Enough with “Selection Saturday” – As you may know, all votes for the Pro Football Hall of Fame are cast on the Saturday before the Super Bowl.  Forty-eight voters spend all day hearing presentations for the 15 modern-era finalists and then cast ballots.  This seems so tedious.  This year’s presenter for Jacoby was the voice of the Redskins, Larry Michael, who joined me on The Morning Blitz with Al Galdi on Friday (Feb. 2).  He told me that his presentation was set to go near the end of this long day.  How does that not put Jacoby at a disadvantage?  Larry put a lot of work into his presentation, which included a number of great stats and anecdotes.  But you’re crazy if you don’t think that there weren’t some voters who were fatigued (you’re not exactly dealing with a bunch of 25-year-olds) and perhaps even tuning him out.  If you want to still have presenters for these candidates, then have these presentations taped and posted online.  This way voters can watch at their leisure, and you could even make the presentations available to fans to become better educated on the history of the NFL.  And there’s no reason that all of the voting should take place in one day.  Do what the National Baseball Hall of Fame does: mail ballots out or post them online and give voters, say, two months to vote.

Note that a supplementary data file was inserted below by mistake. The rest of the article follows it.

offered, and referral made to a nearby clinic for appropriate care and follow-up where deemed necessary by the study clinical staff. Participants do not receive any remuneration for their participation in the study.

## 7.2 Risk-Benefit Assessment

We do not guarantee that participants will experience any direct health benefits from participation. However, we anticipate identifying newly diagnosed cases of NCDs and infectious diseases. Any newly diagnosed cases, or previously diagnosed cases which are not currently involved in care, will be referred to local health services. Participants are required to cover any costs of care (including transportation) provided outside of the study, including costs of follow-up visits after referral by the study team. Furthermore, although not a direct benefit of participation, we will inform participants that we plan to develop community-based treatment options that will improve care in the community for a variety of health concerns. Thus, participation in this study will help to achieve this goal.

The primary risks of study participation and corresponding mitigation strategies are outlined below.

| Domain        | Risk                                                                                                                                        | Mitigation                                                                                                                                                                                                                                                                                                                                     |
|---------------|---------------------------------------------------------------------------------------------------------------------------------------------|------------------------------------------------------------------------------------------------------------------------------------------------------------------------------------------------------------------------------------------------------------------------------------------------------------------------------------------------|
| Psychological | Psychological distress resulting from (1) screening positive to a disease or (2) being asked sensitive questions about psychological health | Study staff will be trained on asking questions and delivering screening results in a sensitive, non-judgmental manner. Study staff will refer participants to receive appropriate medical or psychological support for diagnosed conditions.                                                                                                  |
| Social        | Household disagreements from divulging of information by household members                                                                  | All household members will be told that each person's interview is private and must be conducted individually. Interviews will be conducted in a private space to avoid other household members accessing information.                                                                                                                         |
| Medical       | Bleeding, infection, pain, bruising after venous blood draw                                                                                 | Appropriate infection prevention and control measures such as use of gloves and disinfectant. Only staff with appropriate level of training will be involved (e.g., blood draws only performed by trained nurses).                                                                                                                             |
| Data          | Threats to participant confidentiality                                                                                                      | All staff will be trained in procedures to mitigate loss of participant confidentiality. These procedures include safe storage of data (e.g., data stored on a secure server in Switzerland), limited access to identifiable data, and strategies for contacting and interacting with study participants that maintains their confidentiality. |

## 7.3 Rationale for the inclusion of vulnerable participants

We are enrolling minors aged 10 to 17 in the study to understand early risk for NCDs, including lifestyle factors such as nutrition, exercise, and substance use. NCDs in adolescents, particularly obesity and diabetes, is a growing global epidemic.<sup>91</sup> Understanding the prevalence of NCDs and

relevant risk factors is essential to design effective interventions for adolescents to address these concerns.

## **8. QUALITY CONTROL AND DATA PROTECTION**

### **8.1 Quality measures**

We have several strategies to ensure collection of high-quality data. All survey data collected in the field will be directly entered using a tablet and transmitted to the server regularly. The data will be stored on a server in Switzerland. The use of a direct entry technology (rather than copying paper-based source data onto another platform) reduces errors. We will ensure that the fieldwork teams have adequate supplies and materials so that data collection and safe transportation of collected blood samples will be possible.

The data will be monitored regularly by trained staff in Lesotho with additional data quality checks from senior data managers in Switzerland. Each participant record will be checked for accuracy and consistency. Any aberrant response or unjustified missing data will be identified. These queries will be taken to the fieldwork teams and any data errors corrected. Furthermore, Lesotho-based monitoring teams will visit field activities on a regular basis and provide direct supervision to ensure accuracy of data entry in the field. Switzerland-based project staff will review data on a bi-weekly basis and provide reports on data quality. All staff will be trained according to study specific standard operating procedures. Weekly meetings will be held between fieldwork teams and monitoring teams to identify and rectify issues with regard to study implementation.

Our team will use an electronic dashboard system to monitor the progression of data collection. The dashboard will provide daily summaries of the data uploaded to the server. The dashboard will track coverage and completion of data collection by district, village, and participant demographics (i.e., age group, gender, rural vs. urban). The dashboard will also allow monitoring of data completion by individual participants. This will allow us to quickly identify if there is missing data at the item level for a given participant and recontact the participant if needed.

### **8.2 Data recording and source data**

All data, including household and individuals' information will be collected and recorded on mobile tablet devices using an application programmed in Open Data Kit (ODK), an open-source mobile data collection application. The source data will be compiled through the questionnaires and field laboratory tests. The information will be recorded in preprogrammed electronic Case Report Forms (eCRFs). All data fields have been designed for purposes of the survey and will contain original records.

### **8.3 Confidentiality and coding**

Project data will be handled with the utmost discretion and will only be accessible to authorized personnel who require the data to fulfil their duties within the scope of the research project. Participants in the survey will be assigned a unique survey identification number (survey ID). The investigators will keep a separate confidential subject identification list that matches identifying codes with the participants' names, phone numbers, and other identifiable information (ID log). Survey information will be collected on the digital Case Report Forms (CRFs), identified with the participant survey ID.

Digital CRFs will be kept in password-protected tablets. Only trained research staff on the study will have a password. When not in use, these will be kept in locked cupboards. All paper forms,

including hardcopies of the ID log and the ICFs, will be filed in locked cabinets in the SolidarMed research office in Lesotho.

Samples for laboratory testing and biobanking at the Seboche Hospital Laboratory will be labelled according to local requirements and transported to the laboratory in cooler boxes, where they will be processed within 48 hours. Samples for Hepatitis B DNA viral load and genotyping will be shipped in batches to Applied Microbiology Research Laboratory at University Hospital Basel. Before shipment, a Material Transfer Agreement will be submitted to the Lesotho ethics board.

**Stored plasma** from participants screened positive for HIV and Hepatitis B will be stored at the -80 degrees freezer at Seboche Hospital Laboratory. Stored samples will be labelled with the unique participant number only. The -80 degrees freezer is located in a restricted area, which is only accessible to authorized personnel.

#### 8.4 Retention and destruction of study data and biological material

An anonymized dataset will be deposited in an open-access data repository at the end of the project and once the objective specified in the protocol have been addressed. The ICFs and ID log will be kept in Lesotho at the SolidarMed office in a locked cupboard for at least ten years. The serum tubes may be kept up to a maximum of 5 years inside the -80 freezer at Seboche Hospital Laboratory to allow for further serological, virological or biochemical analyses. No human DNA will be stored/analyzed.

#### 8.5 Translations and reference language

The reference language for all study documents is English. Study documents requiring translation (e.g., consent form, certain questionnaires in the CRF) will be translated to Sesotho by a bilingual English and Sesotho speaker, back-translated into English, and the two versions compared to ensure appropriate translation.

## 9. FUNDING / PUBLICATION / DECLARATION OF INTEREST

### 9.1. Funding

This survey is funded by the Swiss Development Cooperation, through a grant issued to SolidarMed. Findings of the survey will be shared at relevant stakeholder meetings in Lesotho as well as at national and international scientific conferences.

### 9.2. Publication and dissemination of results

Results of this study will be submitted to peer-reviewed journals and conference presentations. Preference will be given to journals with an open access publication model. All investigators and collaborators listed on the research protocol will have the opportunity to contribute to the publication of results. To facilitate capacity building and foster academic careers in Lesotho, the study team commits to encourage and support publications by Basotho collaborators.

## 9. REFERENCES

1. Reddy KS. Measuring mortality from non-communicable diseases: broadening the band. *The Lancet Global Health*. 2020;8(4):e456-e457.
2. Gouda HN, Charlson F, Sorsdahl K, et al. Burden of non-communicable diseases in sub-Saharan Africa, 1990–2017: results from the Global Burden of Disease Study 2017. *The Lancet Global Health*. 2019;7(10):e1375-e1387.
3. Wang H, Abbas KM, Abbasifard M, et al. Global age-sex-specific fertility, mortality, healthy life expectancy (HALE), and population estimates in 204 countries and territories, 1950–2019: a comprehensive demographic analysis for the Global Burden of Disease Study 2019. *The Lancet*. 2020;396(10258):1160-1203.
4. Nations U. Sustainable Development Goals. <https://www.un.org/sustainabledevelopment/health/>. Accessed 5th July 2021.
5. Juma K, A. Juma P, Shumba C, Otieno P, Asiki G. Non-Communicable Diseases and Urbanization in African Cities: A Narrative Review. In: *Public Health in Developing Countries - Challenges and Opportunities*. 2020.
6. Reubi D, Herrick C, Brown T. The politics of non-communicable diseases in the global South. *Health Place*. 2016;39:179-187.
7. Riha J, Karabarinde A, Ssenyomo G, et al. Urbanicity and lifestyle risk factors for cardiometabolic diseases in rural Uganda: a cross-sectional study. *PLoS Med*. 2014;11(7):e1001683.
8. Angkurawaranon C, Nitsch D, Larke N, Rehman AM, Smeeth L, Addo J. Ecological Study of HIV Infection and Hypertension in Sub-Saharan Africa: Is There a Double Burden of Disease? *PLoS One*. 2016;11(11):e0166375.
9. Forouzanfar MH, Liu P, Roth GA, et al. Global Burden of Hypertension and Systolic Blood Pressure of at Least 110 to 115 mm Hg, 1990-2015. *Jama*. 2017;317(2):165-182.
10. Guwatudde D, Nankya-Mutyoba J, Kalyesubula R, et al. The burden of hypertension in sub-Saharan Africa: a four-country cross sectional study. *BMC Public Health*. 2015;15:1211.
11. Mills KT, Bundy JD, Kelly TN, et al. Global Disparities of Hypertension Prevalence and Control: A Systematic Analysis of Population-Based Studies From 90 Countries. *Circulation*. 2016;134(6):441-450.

Expand and modernize the voting pool – 422 ballots were cast for The National Baseball Hall of Fame this year.  That’s too many.  You can’t convince me that 422 different people are doing the work necessary to cast well-researched and well-thought-out ballots.  But just 48 people comprise the Pro Football Hall of Fame’s Selection Committee.  That’s too few voters.  A better number would be around 100.  And instead of just mostly having people who are 50 and older, how about upgrading the voting body by adding analytical guys like ESPN’s Bill Barnwell, Football Outsiders’ Aaron Schatz and Bleacher Report’s Mike Tanier?  No disrespect to older voters, but there are progressive ways of looking at the NFL that can make us appreciate players who perhaps wouldn’t otherwise be appreciated.  Gary Clark is an example of this.  Football Perspective had a very enlightening piece last August on how Clark was uniquely dominant in 1991.  How many voters for the Pro Football Hall of Fame do you think read that?


2. By now you’ve probably heard and/or seen much of the evidence supporting Jacoby’s candidacy.

  • Jacoby was a starting tackle on four NFC-champion and three Super Bowl-champion Redskins teams